Minutes from the Federal Reserve’s March meeting showed that central bankers were preparing to shrink their portfolio of bond holdings imminently while raising interest rates “expeditiously,” as the central bank tries to cool off the economy and rapid inflation.
Fed officials are making money more expensive to borrow and spend in a bid to slow shopping and business investment, hoping that weaker demand will help to tame prices, which are now climbing at the fastest pace in four decades.
Central bankers raised interest rates by a quarter of a percentage point in March, their first increase since 2018 — and the minutes showed that “many” officials would have preferred an even bigger rate move and were held back only by uncertainty tied to Russia’s invasion of Ukraine. Markets now expect the Fed to make half-point increases in May and possibly June, even as they begin to withdraw additional support from the economy by shrinking their balance sheet.
The balance sheet stands at nearly $9 trillion — swollen by pandemic response policies — and Fed officials plan to shrink it by allowing some of their government-backed bond holdings to expire starting as soon as May, the minutes showed. That will help to further push up interest rates, potentially leading to slower growth, more muted hiring and weaker wage increases. Eventually, the theory goes, the chain reaction should help to slow inflation. “They’re very resolute in fighting inflation and moving it lower,” said Kathy Bostjancic, chief U.S. economist at Oxford Economics. “They are concerned.”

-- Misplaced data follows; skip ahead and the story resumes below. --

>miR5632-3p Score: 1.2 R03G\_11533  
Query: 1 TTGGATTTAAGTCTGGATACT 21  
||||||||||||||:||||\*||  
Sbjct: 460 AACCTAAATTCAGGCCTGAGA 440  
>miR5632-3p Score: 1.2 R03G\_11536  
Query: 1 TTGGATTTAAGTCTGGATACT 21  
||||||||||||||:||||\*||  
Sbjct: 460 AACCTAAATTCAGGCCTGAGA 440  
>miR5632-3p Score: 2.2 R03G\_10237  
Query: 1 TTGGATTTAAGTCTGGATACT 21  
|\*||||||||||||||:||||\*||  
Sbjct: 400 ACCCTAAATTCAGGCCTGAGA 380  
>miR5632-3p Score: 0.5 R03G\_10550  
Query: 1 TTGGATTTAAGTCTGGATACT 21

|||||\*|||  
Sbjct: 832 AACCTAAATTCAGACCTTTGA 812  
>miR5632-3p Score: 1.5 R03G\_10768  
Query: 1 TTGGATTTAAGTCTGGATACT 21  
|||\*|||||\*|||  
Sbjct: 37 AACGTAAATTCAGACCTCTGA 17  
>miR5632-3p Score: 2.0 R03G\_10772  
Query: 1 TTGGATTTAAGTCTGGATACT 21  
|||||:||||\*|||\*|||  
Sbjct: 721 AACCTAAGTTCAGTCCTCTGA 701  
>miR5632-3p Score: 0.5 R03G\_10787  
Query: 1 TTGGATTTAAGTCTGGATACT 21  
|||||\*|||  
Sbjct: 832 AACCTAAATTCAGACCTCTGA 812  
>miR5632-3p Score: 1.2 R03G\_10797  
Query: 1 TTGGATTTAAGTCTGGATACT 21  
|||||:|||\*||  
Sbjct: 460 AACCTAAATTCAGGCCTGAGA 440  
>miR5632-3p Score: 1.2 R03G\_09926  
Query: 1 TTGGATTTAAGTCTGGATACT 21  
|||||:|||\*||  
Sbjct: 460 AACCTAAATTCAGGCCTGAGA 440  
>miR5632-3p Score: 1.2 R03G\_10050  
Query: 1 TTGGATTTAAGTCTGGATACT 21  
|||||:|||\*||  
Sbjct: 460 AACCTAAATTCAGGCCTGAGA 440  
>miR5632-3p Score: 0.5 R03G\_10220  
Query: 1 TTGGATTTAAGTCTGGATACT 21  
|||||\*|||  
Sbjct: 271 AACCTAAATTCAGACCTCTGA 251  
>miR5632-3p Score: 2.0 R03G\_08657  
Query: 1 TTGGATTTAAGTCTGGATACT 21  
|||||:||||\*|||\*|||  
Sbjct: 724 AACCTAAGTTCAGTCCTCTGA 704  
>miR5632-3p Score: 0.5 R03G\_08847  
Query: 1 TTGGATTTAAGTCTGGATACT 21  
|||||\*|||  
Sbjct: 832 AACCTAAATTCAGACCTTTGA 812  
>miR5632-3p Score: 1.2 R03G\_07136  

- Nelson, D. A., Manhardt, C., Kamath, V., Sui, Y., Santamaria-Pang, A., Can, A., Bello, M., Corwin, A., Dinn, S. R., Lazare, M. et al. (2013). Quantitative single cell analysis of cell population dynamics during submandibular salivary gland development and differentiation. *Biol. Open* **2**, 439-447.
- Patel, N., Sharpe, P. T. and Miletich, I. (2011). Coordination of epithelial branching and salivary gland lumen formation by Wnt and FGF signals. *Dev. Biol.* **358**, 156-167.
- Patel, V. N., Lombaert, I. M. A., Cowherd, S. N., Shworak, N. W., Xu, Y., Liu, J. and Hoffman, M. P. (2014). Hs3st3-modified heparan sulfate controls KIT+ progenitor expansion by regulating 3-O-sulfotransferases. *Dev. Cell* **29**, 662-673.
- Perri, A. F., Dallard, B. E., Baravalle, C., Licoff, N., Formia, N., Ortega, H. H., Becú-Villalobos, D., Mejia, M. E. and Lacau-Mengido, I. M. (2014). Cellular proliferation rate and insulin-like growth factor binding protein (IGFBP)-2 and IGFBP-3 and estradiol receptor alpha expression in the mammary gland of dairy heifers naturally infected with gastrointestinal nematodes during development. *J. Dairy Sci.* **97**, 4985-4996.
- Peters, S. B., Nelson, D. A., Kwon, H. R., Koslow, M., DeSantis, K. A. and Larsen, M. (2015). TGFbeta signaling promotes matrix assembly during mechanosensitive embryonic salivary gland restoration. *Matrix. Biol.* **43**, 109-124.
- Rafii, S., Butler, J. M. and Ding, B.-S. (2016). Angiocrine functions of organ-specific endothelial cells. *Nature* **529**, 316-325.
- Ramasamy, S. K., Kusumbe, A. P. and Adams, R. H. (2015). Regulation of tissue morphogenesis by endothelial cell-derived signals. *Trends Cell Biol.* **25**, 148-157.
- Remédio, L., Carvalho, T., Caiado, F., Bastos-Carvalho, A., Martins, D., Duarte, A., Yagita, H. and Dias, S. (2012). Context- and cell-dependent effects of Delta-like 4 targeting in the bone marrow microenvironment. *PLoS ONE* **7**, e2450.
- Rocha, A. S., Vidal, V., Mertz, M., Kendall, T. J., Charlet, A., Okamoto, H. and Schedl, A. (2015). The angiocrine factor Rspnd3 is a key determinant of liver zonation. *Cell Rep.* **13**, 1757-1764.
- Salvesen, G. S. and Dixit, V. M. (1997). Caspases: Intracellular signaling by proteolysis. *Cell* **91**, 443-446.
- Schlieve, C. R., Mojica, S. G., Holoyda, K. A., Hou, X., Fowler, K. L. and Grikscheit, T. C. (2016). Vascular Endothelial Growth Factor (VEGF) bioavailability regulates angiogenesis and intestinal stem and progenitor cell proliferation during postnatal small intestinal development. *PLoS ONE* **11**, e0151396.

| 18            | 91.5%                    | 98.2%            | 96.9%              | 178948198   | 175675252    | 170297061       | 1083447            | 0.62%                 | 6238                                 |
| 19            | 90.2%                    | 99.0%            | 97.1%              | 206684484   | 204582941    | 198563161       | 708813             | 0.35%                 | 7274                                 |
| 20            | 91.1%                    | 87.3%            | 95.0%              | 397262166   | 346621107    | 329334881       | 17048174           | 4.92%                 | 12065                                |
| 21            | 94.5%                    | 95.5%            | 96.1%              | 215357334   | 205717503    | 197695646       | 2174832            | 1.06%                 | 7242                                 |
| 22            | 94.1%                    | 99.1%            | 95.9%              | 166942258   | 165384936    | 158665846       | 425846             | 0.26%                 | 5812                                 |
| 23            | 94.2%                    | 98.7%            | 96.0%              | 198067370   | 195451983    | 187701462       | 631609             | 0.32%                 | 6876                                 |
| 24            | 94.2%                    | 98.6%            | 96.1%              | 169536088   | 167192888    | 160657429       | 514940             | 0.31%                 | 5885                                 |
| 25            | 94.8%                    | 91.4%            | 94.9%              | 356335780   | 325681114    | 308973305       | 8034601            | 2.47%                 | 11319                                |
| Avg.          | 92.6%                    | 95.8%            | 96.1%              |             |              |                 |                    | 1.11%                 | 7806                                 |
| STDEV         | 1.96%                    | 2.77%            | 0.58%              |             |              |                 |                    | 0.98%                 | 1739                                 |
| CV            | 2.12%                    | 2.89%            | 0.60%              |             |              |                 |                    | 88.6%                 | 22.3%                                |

While central bankers were hesitant to react to rapid inflation last year, hoping it would prove “transitory” and fade quickly, those expectations have been dashed. Price increases remain rapid, and officials are watching warily for signs that they might turn more permanent.
“All participants underscored the need to remain attentive to the risks of further upward pressure on inflation and longer-run…
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